BAGHDAD (Reuters) - Iraq’s top Shi’ite Muslim cleric Grand Ayatollah Ali al-Sistani called on parliament and Prime Minister Haider al-Abadi on Friday to focus their anti-corruption campaign first on improving the judiciary.
Parliament unanimously approved a sweeping reform plan this week proposed by Abadi in the biggest shake-up in the country’s governing system since the 2003-2011 U.S. military occupation.
Abadi has sought to transform a system which critics say has encouraged graft and incompetence, depriving Iraqis of basic services while undermining government forces in the battle against Islamic State insurgents.
The initiative, announced after Sistani pushed Abadi to “strike with an iron fist” against corruption, eliminates entire layers of government, scraps sectarian and party quotas for state positions, reopens corruption investigations and gives the premier the power to fire regional and provincial bosses.
In his first public comments since the measures were announced, Sistani called judicial reform “one of the most important aspects of the reform process”.
“It is not possible to achieve true reform without it. Even if corruption has spread to the judiciary, there is no small number of honest judges whose hands have not been tainted and will not hesitate to achieve justice,” his spokesman, Sheikh Abdul Mahdi al-Karbalai, said in a Friday sermon.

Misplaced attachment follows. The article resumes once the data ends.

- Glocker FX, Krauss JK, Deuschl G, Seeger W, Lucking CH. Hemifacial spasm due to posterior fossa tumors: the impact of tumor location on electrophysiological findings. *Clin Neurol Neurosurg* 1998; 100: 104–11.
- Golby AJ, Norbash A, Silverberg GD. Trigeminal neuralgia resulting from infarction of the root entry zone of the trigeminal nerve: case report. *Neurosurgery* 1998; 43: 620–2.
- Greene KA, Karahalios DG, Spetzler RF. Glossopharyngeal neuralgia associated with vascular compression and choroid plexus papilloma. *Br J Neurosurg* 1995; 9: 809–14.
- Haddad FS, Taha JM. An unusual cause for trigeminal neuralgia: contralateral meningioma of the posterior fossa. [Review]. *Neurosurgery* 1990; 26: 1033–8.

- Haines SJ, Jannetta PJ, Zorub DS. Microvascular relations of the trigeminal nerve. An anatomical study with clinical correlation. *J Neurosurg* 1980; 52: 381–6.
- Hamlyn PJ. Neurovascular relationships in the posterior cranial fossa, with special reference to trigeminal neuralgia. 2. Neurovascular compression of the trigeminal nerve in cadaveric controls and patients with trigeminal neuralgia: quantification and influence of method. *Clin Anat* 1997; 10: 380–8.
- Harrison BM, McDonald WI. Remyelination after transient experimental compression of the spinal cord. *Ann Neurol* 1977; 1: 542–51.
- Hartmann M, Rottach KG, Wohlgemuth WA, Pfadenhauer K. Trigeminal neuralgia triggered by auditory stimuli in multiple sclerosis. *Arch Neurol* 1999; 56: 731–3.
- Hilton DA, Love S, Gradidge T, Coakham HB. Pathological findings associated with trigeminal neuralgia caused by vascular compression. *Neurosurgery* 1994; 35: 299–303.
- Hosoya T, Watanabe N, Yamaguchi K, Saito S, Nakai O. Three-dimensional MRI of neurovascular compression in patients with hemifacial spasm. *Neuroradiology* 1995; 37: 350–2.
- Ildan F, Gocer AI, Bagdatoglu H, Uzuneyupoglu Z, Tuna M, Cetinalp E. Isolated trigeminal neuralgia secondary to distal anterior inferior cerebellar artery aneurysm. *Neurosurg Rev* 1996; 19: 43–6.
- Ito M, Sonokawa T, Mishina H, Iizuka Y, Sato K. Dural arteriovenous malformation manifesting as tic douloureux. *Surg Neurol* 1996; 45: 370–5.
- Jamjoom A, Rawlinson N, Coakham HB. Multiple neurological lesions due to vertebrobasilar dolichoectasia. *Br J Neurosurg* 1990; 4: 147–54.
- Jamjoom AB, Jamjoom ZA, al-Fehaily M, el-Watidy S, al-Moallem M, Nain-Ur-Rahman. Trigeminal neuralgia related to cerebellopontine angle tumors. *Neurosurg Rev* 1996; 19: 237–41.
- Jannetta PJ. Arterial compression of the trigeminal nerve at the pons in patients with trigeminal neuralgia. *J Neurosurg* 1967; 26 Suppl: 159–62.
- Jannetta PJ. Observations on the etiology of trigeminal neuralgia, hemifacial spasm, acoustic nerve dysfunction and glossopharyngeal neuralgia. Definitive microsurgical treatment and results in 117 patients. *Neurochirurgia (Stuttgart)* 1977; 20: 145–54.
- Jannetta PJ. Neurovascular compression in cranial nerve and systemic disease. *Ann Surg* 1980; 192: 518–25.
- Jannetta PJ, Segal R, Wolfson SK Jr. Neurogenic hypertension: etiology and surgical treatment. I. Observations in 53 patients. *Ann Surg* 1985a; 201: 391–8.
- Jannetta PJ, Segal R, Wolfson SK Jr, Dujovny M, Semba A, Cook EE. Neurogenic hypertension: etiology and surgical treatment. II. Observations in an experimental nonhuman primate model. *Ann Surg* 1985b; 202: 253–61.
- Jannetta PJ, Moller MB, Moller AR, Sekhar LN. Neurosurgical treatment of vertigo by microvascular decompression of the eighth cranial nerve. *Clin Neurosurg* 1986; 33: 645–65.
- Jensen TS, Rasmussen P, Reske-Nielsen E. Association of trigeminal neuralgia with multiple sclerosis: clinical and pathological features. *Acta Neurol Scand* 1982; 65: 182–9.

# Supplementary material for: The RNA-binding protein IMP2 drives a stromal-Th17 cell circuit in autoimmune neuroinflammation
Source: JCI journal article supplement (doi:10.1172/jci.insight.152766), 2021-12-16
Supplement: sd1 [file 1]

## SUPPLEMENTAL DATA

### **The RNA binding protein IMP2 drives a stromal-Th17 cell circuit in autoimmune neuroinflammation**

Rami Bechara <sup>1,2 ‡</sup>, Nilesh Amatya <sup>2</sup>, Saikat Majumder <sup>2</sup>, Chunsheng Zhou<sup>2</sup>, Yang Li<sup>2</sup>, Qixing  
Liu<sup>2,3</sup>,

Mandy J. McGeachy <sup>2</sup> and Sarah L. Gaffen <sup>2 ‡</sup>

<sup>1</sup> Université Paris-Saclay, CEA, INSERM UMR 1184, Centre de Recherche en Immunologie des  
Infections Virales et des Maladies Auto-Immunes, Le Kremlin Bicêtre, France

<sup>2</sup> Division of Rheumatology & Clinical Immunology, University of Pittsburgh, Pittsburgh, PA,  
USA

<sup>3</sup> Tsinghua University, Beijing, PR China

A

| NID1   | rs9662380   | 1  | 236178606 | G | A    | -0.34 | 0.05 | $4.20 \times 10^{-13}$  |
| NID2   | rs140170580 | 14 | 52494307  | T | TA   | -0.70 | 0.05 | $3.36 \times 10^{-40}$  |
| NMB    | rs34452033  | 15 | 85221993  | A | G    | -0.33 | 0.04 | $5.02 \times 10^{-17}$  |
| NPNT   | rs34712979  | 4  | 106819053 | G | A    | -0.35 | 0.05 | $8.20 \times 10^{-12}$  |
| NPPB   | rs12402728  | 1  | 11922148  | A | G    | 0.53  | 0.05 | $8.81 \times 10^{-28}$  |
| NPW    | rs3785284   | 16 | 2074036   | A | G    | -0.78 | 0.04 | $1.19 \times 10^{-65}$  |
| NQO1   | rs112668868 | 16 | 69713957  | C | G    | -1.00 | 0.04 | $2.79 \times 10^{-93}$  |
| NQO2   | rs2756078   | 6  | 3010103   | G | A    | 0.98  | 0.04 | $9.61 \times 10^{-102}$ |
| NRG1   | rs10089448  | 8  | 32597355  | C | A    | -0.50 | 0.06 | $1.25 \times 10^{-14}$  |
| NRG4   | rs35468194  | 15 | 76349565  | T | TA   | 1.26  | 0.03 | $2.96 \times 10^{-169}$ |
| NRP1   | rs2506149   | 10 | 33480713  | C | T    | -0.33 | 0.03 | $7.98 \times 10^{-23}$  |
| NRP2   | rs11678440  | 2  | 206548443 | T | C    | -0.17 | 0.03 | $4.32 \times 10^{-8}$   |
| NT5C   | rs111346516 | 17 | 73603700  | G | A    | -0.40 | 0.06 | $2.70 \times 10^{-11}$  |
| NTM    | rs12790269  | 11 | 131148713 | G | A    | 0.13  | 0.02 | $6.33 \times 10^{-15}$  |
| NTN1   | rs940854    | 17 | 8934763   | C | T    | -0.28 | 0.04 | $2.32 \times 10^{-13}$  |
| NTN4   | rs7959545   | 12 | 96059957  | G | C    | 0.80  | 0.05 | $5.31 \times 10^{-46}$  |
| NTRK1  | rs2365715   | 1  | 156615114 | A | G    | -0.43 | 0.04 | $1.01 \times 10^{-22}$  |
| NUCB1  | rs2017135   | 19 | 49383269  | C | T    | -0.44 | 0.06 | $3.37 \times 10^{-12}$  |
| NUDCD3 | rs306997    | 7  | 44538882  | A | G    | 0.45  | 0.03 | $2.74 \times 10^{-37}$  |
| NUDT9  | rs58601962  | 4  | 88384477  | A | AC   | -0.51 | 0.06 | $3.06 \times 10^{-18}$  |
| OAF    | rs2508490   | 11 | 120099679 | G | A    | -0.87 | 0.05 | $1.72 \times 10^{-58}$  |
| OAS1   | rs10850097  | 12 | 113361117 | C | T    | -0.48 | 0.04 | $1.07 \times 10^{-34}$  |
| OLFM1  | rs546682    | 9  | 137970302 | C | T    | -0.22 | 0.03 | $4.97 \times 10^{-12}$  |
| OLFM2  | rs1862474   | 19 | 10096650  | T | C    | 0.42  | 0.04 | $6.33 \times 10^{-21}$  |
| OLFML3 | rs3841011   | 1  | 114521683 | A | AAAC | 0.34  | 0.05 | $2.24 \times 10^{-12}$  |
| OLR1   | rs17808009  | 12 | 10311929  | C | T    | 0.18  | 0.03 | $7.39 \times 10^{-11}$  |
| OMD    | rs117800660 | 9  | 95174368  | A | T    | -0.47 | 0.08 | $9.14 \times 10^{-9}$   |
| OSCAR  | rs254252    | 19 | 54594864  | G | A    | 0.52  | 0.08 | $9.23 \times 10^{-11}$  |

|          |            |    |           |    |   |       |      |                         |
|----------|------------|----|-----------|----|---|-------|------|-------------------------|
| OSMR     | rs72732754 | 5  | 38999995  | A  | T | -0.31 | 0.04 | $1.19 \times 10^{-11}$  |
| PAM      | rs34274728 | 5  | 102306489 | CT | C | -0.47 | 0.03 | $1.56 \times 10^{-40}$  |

Part of Abadi’s campaign calls for a committee of judges known for their integrity to investigate and prosecute corrupt officials who he has accused of plotting sabotage to preserve their privileges.
The governing system set up under the U.S. occupation included numerous overlapping senior posts, many set aside to be divvied up on ethnic and sectarian grounds among Iraq’s majority Shi’ites and minority Sunni Muslims and Kurds.
That was intended to reduce strife by keeping the government inclusive. But Abadi, a Shi’ite, complained it encouraged ethno-sectarian party patronage, spawning corruption and incompetence so pervasive it made Iraq nearly impossible to govern.
Critics have accused Abadi of trying to consolidate too much power in his own hands, which he denies.
“We do not wish to reinstate a political system where there is only one leader and everyone else is insignificant,” Abadi said at a youth forum on Thursday, an allusion to Saddam Hussein who was overthrown in the U.S.-led 2003 invasion. “This is the return of dictatorship and we do not want it.”
Sistani also called for reforming the security services following a massive bombing in a Shi’ite district of Baghdad on Thursday claimed by Islamic State, and for reducing inequality in the salaries of public employees.
“It is unacceptable that some major officials make tens of millions in salary every month, while many employees do not make more than 300,000 dinars ($261.32),” Karbalai said.
Reporting by Saif Hameed; Writing by Stephen Kalin; Editing by Mark Heinrich